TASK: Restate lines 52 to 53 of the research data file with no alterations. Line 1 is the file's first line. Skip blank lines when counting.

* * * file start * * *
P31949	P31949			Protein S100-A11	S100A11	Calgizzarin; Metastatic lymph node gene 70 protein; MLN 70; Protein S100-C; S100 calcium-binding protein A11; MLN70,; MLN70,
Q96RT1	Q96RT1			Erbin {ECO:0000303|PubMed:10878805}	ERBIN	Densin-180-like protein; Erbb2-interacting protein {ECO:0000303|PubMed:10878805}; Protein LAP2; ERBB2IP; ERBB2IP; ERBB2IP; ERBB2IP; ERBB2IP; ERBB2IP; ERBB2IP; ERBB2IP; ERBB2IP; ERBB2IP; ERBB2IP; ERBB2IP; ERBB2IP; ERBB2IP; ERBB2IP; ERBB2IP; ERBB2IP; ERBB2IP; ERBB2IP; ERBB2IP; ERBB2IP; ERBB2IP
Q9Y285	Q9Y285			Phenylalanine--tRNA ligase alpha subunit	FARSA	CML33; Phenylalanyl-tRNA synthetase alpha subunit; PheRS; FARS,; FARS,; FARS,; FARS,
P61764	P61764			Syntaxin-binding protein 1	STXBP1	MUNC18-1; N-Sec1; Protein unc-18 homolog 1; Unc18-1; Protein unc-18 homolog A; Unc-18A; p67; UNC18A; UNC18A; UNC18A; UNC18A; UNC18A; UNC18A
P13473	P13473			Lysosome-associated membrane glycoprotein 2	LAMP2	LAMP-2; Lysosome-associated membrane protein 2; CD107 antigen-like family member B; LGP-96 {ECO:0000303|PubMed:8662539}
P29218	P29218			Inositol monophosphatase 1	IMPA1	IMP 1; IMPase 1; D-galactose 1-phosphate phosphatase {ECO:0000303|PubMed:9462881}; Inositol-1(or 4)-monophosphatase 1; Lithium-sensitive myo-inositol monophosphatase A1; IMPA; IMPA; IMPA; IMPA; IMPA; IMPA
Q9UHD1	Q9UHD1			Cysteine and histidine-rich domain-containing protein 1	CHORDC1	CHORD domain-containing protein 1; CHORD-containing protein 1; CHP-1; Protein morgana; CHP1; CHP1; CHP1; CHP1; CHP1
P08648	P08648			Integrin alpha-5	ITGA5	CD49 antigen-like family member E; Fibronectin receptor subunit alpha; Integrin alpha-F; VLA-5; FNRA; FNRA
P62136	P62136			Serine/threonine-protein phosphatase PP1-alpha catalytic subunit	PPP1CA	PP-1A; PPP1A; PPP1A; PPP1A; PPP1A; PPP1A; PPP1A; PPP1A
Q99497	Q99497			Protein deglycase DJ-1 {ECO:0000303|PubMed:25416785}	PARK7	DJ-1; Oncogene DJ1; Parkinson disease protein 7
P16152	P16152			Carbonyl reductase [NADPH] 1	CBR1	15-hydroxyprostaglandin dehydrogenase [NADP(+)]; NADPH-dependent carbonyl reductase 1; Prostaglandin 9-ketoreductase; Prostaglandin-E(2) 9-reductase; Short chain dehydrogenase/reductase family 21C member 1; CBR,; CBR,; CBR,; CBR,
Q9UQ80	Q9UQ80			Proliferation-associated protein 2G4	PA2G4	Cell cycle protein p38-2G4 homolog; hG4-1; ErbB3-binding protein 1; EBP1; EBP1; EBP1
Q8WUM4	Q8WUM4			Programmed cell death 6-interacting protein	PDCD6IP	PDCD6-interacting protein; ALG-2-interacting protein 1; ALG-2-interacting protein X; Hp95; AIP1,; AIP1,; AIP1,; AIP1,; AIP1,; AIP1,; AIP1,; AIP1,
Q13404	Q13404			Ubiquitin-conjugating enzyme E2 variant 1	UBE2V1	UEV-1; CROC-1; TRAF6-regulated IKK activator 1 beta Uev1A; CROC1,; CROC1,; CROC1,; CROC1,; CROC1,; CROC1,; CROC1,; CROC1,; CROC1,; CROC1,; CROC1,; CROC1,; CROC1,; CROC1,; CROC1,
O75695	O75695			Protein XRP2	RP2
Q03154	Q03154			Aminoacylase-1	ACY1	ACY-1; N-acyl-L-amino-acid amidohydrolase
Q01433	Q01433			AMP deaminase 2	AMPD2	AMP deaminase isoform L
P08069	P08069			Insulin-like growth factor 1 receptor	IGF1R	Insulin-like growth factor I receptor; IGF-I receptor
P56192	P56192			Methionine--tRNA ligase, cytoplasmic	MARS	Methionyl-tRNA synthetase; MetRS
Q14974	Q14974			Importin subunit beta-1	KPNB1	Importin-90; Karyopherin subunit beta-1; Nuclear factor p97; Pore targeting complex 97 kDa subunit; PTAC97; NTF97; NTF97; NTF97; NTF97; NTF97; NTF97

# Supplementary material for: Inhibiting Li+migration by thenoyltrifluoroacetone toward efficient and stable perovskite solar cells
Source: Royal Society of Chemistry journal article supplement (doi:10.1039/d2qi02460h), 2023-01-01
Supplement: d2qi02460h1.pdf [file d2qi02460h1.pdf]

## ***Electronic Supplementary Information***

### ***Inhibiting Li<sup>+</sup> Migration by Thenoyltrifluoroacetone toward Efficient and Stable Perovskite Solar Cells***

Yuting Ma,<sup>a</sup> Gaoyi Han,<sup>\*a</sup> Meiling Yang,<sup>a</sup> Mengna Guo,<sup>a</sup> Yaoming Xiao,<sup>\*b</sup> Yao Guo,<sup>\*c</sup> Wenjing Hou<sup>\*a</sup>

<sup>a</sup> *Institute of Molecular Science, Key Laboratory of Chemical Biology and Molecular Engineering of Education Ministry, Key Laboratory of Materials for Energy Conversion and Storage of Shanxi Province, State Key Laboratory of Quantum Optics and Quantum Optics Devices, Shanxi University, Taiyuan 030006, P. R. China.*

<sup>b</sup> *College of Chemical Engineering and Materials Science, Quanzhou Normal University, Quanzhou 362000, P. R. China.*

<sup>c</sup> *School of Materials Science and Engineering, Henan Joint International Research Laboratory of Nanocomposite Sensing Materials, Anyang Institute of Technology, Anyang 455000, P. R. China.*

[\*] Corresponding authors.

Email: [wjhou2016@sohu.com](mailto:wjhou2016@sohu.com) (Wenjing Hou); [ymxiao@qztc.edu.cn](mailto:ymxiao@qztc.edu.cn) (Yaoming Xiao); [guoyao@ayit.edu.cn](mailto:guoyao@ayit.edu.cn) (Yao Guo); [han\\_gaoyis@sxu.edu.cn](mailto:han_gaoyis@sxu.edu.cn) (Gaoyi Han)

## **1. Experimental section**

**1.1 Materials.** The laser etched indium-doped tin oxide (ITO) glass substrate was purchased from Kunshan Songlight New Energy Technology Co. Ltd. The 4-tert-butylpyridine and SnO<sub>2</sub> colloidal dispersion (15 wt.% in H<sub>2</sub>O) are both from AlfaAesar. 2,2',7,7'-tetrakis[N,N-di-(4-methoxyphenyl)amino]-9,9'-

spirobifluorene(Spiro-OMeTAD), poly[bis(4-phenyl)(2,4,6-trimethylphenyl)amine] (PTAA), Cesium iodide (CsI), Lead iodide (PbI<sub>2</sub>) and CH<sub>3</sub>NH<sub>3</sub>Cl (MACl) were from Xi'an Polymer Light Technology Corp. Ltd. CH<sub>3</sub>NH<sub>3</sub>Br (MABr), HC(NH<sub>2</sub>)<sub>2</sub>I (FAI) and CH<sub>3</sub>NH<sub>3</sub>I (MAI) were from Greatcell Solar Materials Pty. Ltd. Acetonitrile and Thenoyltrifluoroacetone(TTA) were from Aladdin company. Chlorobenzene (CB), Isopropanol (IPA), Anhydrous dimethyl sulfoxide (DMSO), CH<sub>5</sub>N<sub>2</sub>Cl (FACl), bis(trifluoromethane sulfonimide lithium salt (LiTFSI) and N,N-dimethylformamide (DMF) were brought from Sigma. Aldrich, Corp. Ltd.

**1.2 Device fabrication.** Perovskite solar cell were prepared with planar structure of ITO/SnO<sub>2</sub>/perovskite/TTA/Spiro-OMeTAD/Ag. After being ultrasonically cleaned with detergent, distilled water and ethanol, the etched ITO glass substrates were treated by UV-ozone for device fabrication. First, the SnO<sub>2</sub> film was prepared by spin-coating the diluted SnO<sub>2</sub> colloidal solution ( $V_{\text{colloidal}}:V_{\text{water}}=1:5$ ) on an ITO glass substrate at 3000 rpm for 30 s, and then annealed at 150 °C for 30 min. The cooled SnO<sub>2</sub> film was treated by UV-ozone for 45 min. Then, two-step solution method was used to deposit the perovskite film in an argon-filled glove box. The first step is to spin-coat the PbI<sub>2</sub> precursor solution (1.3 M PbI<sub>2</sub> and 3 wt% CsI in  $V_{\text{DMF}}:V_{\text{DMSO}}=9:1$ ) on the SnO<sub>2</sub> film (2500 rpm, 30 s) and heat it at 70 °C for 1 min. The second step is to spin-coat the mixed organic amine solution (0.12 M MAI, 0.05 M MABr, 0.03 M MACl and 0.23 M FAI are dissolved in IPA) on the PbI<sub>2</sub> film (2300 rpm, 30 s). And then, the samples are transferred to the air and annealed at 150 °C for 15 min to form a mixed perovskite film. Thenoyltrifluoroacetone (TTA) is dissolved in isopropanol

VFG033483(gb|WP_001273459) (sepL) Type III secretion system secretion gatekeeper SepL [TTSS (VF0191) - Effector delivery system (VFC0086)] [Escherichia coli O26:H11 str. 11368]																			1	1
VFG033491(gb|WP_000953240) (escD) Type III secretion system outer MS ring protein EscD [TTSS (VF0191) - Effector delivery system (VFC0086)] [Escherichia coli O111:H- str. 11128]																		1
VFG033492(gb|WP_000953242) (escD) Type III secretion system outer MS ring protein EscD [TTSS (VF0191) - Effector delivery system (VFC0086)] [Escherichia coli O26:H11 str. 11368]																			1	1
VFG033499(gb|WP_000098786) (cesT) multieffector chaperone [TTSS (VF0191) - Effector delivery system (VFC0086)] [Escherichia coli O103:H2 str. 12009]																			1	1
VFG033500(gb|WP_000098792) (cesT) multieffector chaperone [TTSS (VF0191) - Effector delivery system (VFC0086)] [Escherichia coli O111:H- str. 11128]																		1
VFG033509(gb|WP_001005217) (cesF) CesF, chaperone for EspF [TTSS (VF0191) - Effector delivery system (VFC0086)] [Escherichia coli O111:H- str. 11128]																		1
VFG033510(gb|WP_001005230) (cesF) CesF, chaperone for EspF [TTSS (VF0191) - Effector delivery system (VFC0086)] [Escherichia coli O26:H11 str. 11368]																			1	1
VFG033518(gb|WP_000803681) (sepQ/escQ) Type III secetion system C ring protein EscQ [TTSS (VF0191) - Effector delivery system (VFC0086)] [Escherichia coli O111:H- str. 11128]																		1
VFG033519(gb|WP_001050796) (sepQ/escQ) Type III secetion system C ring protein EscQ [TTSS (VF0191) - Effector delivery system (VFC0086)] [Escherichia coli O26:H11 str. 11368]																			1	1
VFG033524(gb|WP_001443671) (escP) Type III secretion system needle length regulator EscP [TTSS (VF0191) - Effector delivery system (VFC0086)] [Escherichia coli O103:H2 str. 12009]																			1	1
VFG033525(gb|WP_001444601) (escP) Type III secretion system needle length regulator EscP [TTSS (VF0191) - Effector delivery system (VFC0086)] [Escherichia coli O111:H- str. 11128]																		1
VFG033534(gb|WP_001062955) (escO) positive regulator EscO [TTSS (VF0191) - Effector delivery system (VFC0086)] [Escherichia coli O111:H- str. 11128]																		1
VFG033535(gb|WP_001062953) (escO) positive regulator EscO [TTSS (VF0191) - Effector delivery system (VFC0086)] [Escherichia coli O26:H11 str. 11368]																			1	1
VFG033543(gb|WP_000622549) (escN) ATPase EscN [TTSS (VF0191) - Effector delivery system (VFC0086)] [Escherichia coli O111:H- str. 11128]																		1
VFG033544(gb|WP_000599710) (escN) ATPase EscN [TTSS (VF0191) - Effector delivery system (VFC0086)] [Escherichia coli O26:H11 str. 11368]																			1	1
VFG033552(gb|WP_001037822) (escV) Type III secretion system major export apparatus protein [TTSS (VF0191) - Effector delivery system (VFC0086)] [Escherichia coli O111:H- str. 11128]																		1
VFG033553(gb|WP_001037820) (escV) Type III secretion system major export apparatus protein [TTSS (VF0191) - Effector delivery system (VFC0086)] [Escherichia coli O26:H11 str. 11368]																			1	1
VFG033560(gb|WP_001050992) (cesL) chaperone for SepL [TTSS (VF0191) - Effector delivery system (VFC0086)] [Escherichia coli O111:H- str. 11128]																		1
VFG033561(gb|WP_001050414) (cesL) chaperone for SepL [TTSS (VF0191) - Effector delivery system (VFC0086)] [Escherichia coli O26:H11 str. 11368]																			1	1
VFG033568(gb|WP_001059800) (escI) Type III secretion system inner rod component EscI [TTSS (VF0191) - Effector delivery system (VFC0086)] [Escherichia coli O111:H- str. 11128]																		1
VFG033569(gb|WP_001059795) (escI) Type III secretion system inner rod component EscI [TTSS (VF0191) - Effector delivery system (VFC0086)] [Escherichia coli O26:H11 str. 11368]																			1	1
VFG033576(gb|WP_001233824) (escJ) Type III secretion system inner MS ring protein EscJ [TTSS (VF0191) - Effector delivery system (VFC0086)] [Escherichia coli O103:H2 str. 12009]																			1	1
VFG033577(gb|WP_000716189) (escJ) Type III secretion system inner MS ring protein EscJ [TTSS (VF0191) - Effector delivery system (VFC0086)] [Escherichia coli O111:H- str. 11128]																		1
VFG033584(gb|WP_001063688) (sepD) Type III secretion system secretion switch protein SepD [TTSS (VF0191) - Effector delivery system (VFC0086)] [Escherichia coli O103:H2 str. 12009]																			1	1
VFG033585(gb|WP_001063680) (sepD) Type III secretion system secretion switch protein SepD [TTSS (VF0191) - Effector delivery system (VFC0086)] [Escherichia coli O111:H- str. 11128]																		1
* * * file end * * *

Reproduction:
VFG033553(gb|WP_001037820) (escV) Type III secretion system major export apparatus protein [TTSS (VF0191) - Effector delivery system (VFC0086)] [Escherichia coli O26:H11 str. 11368]																			1	1
VFG033560(gb|WP_001050992) (cesL) chaperone for SepL [TTSS (VF0191) - Effector delivery system (VFC0086)] [Escherichia coli O111:H- str. 11128]																		1